Assembly is slightly complicated by the fact that the contra piston has to be installed in the correct alignment to begin with, but an installation error (and potential damage to the engine when turned over) is precluded by the fact that if the contra piston is not installed in correct alignment the cylinder head simply will not fit! And once the head is installed with the notch correctly aligned with the key, there's no way that the contra piston can get out of alignment by rotational creeping in the bore. Very simple, and very effective! So much for not being able to make variable compression loop-scavenged diesels with baffle pistons!!

The top of the engine is completed by a perfectly conventional single-arm compression screw. This is fitted with an extremely neat and effective compression locking lever. The contra-piston is a relatively slack fit in the bore by normal diesel standards, so this locking lever appears to be a necessary feature.

OK, so there we are with a very practical top end setup for our new world-beating diesel! Now, how about the matter of dealing with the additional stresses imposed upon the working parts by diesel operation? The mechanical loadings encountered in a diesel are inevitably considerably greater than those generated in a glow model of similar displacement and design. To deal with this factor, a number of steps were taken.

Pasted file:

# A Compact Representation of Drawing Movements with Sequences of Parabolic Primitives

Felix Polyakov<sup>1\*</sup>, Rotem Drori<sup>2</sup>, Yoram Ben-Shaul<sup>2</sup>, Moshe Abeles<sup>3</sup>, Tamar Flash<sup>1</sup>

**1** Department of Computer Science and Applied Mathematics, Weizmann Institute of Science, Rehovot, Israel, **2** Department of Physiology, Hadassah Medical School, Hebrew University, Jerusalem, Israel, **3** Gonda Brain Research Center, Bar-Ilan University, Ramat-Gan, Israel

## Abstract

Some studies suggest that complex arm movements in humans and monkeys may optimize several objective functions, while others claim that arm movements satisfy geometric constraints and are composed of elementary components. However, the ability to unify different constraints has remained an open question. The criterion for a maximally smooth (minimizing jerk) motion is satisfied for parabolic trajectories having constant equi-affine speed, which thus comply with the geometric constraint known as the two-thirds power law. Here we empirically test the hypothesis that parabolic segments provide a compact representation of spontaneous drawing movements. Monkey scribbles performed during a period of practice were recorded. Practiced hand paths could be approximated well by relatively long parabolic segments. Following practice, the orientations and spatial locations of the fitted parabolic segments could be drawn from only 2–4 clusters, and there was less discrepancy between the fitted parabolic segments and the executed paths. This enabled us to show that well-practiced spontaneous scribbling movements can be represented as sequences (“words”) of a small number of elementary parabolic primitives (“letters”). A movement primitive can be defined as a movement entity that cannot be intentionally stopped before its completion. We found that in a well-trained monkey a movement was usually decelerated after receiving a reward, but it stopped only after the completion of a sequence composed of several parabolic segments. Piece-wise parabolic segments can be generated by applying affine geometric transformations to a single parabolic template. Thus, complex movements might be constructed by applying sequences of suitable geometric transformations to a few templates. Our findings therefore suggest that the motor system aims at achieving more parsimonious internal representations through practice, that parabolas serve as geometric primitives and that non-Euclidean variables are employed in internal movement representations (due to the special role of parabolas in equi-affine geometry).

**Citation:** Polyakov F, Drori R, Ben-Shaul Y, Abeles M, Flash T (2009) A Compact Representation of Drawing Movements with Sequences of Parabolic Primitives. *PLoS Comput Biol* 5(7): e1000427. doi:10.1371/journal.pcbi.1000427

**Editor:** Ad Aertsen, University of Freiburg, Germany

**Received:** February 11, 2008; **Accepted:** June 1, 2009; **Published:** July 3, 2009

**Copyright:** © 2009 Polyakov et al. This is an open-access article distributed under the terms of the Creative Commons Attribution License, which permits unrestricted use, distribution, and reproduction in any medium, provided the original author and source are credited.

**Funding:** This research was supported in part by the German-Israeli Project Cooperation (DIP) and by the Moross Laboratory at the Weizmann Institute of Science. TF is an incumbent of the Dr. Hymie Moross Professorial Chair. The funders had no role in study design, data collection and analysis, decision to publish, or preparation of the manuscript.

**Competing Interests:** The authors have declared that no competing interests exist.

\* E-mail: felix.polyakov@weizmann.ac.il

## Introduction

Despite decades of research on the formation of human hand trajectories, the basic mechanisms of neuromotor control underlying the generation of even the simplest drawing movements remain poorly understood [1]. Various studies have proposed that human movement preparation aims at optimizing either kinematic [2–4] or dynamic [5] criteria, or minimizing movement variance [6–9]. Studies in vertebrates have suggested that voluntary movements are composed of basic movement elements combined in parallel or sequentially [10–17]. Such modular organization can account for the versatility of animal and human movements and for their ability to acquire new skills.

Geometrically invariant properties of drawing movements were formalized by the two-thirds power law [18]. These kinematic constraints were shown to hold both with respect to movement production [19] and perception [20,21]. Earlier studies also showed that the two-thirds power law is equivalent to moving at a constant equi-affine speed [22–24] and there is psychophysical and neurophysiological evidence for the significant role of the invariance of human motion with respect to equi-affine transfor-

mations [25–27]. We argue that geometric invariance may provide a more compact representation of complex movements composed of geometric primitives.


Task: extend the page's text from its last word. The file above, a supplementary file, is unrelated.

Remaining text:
Firstly, in order to accommodate the radial stresses imposed by the lapped contra-piston, the cylinder walls were very sensibly made significantly thicker than those on the glow model. This extra thickness was carried the full way down to the locating spigot at the base, resulting in a very sturdy and dimensionally-stable cylinder overall. To maintain cooling fin depth, the outside diameter of the cylinder fins was made larger as well, and consequently the cylinder of the diesel model is substantially bulkier and heavier than that of its glow relative.

This in turn led to a requirement to increase the size of the crankcase casting to accommodate the larger cylinder base. While they were about this, the designers also took the opportunity to increase the wall thickness of the crankcase. Hence, the revised crankcase was significantly bulkier and far sturdier than that of the glow model, and the extra size was also useful in accommodating the ball bearing shaft. The diesel case was tumbled to a fine satin finish, unlike that of the Max-II 15 which was sand-blasted to a matte finish.